The collective virtues of mineral wool have influenced its increasing use in the exterior of the building, particularly when assessments of fire risk, noise intrusion, energy waste, and moisture control call for an all-in-one solution. ASTM C612-14, Standard Specification for Mineral Fiber Block and Board Thermal Insulation, classifies seven types, with two grades for Type V depending on whether they require a heat-up schedule. The classifications are based on the maximum ambient temperature, linear shrinkage, water vapor absorption, and specified surface burning characteristics of the installed insulation. Some mineral wool manufacturers have made great strides in refining and enhancing their range of products—for example, by compressing and crimping the wool for tensile strength and delivering batts to provide rigidity and consistent R-value. They also provide the opportunity to utilize a greater range of dark color options via the plaster finishes used in an EIFS assembly. Traditionally, EIFS has incorporated expanded or extruded polystyrene (EPS or XPS) as the insulating layer, and manufacturers of these boards have recommended a maximum sustained service temperature of no more than 75 C (167 F) because the board will begin to deform at high temperatures. Mineral wool EIFS, on the other hand, is capable of dark colors as heat absorption
characteristics will not affect the insulation layer.
Still, applying mineral wool to the building exterior comes with some challenges. The standard practice for rainscreen façades is to attach the insulation with a combination of adhesive and rails. EIFS, on the other hand, uses a dowel fastening system in which a combination of washers and fasteners are face-mounted. These face-mounted fasteners can potentially ‘read’ through the finished wall surface if not mounted flush with the insulation board surface or, in extreme cases, if mounted on façades experiencing frequent wetting or condensing cycles.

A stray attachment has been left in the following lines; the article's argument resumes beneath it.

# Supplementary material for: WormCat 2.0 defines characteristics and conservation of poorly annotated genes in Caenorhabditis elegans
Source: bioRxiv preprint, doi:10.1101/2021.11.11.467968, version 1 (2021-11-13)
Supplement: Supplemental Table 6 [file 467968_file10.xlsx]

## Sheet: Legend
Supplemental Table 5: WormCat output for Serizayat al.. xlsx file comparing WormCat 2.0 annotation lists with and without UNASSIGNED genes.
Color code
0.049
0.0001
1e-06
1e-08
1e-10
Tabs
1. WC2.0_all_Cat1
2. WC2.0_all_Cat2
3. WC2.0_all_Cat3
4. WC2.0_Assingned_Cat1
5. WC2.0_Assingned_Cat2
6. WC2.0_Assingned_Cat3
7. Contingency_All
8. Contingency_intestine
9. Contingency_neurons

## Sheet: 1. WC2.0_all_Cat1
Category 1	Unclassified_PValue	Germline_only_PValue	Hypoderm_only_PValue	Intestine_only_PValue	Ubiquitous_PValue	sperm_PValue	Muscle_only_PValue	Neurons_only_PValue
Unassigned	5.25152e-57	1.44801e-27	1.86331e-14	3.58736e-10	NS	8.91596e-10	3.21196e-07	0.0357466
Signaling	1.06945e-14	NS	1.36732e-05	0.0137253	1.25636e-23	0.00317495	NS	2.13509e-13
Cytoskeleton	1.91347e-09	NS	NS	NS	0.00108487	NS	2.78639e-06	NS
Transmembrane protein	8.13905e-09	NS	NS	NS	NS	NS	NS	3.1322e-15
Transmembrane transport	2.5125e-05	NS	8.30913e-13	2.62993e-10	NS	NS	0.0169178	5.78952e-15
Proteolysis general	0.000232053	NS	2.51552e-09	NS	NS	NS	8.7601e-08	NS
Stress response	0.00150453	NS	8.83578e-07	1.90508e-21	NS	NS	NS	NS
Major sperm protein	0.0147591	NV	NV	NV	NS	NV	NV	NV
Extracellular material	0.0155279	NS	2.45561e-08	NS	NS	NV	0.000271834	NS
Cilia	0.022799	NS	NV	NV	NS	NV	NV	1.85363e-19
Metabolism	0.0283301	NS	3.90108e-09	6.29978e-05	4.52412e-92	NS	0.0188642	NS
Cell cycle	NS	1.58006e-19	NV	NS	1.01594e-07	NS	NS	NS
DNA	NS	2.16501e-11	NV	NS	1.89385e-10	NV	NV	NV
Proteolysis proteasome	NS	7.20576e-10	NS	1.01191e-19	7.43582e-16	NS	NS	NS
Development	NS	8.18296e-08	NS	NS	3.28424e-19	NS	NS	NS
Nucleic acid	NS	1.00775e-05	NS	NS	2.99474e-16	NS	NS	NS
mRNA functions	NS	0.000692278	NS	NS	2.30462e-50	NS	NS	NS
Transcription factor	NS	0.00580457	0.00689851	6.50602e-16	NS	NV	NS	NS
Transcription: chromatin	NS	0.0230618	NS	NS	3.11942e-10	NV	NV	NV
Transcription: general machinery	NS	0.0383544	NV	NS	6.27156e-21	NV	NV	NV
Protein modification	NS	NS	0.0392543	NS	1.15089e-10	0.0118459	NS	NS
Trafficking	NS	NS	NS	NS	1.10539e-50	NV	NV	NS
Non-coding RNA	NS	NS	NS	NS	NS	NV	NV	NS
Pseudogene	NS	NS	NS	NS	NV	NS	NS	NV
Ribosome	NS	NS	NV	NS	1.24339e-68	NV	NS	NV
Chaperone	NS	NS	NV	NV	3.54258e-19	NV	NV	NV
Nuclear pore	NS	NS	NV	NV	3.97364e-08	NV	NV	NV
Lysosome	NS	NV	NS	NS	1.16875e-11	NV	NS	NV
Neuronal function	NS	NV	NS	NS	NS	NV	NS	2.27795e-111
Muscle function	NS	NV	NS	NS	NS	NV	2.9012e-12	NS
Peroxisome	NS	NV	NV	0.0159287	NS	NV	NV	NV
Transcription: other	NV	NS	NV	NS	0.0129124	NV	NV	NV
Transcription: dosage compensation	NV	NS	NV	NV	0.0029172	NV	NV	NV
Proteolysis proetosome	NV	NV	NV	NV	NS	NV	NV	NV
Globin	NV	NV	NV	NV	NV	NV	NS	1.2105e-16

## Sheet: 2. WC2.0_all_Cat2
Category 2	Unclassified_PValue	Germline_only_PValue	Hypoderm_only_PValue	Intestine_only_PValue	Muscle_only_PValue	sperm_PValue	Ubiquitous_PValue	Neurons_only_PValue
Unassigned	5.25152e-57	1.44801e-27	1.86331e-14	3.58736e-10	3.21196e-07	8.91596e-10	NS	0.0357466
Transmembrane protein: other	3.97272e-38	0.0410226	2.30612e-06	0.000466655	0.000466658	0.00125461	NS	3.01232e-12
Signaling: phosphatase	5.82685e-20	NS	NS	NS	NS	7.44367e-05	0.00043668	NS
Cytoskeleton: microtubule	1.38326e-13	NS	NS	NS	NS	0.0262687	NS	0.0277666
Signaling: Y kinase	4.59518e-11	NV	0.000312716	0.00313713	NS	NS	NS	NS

Steps, therefore, need to be taken in the design and installation of any EIFS assembly to compensate for this. With 76-mm (3-in.) or thicker insulation, certain dowel systems can be countersunk, reducing effects of frequent wetting or condensing. A recent collaboration between wall system and mineral wool manufacturers has yielded a ci system with an integrated mineral wool component attached in a way designed to minimize thermal bridging. The dowel system holding the insulation in place is made from a material with extremely low thermal conductivity, and employs a plug or cap as a thermal break between the fasteners and the finished exterior wall surface. This results in reduced thermal transmission, thus preserving the superior insulating characteristics of the insulation itself.